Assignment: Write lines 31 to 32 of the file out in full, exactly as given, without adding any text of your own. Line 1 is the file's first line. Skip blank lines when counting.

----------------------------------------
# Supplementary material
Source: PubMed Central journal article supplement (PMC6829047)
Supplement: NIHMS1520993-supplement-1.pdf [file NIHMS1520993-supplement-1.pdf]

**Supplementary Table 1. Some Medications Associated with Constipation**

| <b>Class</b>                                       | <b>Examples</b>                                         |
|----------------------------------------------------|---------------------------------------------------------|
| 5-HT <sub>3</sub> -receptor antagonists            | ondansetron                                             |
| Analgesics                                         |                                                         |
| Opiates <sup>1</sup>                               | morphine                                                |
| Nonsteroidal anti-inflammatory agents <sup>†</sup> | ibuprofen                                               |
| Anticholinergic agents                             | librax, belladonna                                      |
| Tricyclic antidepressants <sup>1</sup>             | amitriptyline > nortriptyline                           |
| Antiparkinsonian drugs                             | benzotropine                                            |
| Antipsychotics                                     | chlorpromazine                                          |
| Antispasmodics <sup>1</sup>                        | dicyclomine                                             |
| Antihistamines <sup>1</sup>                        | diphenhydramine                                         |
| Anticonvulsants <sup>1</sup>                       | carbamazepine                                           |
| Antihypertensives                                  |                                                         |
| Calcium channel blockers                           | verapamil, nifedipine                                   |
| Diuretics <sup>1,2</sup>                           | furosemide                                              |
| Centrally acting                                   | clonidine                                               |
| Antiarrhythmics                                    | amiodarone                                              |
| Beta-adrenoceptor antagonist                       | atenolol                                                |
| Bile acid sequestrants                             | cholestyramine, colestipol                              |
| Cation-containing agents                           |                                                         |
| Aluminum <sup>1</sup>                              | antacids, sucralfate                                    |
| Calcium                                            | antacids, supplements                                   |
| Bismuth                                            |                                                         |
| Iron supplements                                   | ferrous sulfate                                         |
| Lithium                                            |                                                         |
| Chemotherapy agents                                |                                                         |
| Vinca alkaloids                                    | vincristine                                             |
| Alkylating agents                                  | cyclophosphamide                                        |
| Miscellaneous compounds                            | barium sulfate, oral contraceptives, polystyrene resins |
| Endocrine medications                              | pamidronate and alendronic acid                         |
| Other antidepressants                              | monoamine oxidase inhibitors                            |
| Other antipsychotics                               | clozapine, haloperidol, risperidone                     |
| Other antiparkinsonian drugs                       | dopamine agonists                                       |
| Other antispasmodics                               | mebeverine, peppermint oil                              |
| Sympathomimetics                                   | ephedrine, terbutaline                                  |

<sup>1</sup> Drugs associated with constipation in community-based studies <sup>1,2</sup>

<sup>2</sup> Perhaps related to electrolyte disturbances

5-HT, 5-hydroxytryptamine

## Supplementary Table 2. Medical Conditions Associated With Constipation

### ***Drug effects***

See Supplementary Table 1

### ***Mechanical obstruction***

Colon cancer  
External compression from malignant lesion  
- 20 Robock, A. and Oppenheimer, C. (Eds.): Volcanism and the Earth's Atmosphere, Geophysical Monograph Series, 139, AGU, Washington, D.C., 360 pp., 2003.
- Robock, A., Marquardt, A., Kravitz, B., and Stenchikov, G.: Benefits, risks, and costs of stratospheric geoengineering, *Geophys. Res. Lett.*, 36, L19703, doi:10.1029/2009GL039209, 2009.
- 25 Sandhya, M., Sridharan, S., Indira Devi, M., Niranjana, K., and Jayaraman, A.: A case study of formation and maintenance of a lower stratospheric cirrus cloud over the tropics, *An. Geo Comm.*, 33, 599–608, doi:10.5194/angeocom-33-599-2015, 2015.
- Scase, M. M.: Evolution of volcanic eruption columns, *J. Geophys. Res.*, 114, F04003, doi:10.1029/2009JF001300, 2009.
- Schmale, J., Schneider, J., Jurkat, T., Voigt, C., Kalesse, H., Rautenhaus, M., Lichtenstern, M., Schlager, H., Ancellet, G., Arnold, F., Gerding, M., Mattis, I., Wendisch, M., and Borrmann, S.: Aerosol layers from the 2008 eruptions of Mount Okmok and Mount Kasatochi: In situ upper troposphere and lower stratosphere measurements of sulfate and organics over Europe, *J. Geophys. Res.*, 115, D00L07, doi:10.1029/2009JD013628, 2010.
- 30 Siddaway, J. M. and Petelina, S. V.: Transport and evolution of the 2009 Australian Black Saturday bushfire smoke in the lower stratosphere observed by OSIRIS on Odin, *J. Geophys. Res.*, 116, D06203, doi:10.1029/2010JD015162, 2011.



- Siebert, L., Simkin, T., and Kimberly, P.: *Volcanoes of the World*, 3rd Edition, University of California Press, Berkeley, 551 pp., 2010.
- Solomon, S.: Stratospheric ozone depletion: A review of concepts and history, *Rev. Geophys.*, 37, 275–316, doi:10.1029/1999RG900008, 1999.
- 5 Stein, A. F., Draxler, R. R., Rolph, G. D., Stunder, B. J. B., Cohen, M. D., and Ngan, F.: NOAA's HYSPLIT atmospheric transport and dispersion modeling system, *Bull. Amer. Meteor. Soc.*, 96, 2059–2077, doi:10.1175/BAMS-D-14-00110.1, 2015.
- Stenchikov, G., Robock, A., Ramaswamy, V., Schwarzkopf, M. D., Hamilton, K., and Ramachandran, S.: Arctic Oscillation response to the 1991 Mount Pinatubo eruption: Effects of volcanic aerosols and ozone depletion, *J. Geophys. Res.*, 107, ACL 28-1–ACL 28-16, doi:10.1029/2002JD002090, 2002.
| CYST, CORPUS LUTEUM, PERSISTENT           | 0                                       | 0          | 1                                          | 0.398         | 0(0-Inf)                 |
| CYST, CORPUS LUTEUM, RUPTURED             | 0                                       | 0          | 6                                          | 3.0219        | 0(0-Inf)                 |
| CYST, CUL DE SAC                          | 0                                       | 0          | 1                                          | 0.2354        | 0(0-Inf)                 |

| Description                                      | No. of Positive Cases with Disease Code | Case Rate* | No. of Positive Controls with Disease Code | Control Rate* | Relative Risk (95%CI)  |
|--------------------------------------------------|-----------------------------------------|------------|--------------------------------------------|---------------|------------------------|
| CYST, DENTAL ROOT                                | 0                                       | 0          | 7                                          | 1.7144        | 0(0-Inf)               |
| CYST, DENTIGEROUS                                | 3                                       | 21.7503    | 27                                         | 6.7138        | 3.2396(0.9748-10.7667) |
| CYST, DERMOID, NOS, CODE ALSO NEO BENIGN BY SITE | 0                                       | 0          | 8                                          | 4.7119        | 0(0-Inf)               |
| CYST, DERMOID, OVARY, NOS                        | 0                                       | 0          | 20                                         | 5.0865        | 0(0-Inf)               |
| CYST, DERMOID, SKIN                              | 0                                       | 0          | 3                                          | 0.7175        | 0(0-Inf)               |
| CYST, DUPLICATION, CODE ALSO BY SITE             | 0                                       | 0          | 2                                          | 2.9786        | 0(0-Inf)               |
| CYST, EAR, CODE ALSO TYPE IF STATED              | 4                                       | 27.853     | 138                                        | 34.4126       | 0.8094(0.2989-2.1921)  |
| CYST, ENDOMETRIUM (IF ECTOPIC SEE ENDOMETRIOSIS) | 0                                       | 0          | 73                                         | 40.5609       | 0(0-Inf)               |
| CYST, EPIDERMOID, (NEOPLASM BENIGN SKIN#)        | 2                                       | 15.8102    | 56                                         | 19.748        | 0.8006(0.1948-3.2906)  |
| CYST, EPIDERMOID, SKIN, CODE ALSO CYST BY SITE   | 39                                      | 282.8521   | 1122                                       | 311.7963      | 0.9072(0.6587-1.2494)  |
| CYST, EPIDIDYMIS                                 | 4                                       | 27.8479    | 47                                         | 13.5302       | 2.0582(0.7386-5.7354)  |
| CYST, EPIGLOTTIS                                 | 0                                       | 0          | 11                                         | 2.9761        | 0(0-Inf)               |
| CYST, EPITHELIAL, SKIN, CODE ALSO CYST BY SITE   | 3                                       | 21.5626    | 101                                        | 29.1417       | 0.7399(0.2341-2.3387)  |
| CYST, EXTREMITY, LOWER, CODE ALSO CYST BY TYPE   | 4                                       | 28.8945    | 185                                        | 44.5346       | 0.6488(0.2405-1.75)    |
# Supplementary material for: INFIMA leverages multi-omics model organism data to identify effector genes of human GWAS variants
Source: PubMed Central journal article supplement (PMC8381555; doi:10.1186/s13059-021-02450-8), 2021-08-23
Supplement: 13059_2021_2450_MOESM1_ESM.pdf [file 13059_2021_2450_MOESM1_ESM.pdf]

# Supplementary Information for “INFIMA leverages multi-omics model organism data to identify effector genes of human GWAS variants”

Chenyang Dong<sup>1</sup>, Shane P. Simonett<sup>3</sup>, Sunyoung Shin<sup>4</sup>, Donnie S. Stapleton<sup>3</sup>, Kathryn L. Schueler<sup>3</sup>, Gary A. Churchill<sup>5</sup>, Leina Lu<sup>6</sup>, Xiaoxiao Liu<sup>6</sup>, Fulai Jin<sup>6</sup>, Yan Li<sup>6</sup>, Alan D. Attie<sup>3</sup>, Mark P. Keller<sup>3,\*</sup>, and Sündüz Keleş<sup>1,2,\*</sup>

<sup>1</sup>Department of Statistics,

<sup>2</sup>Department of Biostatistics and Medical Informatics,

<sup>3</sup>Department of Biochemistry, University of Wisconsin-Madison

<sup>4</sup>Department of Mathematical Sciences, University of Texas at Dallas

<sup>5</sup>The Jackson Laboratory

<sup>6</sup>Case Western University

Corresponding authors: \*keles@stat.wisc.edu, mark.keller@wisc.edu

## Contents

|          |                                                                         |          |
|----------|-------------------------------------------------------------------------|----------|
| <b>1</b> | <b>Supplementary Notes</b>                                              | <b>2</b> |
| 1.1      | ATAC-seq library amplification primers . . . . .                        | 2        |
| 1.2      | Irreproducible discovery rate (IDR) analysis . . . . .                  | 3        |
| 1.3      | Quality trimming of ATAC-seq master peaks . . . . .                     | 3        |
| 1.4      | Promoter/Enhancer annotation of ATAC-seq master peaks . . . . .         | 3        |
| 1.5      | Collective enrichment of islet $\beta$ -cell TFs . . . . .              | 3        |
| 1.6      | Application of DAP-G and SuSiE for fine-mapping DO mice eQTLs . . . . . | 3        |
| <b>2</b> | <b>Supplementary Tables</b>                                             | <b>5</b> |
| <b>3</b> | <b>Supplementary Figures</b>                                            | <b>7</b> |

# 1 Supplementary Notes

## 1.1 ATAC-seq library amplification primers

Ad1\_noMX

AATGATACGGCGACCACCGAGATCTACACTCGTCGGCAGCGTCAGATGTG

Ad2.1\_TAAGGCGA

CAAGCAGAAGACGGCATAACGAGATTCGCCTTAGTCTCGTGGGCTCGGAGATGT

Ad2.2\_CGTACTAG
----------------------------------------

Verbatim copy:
| Chemotherapy agents                                |                                                         |
| Vinca alkaloids                                    | vincristine                                             |